I accidentally got into a very interesting conversation today about the qualities and etymology of the phrase 'easy, tiger' after expressing admiration at its concise encapsulation of a certain level of sordid flirtation.
I've done a little digging, and from internet sources can't discover any details about the etymology of the word. The period it seems most associated with in my mind is the sixties, the words tripping along with a raised eyebrow and a faked concern that rampant passions be reined in. That need not be the case though. The tiger ceased to be a creature of special fokloric weight for us long before the sixties, when its territory stopped being a place where you might aspire to go and live for the advancement of your career.
Do children today still have nightmares about tigers the way they once did? Is the scale of the beast still something that amazes the young, or have they moved on to others in the menagerie? I'd imagine that Spielberg has done more than anyone to oust the tiger as man's most feared enemy - the Jungle is a distant dream for most, but as the BBC recently reminded us, you're never further than around 70 miles from the sea in England. Sure the waters off the British coast are too cold to harbor a Great White, but you can never really know what's patrolling beneath the turbulent grey surface.
Perhaps it's the experience of seeing them immobile in palatial expanses of tended zoo enclosure that has robbed them of a bit of their mystery. On the few occasions I've seen a tiger, it's been a few stripes of fur glimpsed between fans of undergrowth; a huge paw resting on a log, the rest of the giant head and coiled body totally hidden. They've become pretty lazy. The stars of the show. What was once a creature so awe inspiring that Blake could only blame and congratulate God, is now a cause of mild disappointment for visitors to Marwell hoping to find out what a nightmare looks like. Or perhaps too many appearances bounding through river-spray in Athena posters have turned them noble and cuddly where once they were feared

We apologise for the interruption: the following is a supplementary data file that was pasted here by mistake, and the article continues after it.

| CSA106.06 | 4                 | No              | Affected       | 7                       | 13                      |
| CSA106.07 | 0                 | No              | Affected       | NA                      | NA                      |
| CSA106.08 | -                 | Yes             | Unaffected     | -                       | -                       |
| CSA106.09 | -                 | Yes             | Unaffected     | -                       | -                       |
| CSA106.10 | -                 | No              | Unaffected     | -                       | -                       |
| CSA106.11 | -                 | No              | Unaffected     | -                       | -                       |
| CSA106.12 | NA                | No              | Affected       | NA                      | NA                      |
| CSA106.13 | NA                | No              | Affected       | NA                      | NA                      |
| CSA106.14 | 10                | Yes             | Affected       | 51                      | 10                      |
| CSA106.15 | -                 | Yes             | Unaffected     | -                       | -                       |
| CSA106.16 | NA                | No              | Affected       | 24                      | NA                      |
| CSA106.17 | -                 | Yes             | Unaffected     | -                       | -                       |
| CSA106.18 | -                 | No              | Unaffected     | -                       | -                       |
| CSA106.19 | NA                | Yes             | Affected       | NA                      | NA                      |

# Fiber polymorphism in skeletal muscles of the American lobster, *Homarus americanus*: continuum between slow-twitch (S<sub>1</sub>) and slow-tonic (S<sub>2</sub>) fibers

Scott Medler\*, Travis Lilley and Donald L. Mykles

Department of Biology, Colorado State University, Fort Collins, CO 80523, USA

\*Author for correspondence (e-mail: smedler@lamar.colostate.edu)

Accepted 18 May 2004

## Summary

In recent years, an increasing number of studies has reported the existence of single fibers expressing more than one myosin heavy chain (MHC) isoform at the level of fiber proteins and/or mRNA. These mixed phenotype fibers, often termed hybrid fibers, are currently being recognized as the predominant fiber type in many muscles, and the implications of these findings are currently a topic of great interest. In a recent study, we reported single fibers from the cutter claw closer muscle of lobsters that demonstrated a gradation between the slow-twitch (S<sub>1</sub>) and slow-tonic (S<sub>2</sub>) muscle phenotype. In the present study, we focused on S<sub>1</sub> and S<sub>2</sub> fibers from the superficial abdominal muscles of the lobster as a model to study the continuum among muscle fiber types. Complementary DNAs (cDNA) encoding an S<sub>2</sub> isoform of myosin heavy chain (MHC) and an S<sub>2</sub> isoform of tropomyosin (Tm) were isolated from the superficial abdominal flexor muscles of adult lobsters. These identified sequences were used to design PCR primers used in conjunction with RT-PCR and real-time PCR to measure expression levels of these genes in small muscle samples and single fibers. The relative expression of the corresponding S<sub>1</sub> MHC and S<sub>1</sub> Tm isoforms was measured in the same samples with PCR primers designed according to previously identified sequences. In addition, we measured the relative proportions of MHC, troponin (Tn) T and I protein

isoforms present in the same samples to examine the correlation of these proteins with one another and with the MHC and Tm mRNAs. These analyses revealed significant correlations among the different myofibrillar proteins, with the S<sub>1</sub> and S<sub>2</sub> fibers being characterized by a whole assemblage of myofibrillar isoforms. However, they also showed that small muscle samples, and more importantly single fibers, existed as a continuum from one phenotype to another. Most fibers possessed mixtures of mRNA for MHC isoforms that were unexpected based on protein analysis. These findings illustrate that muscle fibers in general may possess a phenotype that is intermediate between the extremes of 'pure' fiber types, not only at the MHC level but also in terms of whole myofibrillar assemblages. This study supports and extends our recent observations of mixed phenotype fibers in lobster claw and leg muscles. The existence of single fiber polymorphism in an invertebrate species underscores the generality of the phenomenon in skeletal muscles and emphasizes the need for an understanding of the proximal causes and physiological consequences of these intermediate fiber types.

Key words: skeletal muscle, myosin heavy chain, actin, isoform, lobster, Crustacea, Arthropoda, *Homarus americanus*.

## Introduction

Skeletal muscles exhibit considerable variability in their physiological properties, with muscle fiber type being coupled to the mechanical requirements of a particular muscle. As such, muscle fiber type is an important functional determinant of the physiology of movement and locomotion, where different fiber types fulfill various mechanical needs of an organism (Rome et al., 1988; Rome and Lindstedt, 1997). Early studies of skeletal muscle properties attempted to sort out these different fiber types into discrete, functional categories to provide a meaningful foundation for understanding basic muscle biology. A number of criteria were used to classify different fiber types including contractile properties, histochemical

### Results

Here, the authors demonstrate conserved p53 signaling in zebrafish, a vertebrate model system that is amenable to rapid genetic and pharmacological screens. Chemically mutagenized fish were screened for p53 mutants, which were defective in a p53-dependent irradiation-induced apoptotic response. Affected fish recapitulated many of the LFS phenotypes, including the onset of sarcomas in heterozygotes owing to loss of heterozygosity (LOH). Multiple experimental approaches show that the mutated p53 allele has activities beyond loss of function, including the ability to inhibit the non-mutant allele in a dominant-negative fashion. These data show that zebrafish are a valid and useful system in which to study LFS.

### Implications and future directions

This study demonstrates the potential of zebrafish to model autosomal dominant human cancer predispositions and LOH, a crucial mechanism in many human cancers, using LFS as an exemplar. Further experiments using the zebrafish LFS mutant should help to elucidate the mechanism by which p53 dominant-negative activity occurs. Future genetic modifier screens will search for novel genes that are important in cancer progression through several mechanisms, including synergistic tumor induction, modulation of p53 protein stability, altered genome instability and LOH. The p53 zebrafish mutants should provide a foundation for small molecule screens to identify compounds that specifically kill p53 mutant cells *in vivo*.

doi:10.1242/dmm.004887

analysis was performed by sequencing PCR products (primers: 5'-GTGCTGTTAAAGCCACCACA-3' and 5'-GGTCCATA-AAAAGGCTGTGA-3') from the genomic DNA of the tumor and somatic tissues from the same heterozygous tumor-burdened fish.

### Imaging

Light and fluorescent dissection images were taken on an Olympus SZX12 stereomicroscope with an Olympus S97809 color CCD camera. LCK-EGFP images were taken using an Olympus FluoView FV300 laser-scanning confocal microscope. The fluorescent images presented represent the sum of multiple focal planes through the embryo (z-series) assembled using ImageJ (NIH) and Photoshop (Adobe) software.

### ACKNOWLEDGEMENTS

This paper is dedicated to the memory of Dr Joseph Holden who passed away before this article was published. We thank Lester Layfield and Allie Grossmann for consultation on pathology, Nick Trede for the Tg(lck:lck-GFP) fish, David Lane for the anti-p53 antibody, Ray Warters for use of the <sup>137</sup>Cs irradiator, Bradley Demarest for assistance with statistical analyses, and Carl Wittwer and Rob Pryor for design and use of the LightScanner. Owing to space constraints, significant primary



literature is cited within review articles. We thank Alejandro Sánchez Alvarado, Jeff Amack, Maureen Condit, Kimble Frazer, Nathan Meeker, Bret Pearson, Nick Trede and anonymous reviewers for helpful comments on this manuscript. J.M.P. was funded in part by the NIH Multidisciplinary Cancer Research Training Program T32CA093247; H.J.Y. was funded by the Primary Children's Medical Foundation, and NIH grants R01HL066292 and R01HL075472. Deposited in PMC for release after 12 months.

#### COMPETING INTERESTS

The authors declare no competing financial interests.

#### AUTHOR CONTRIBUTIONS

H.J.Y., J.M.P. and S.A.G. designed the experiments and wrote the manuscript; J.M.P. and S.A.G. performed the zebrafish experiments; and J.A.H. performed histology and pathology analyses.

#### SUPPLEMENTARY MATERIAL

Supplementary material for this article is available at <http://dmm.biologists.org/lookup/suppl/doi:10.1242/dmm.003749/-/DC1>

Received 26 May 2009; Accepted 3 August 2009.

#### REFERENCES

What though, makes the tiger an appropriate subject for the innuendo? Is it a hangover from a time when anyone could have appreciated the droll futility of trying to calm a tiger? The conjuring of animal urges is obvious enough, but if they fuck as slowly as they do everything else, the tiger is hardly a candidate for pest of the animal kingdom, though the gentle purring undulation of the word is appealing, breaking as it does from that initial gasp of a consonant.
Then, the question of the comma.
I favour the latter. It would be wrong to underestimate the effect of that elliptical 'easy'... not a demand for a pause, just difference. The punctuation gives the sentiment room, forces you to consider exactly what easiness must entail. Easy. Tiger.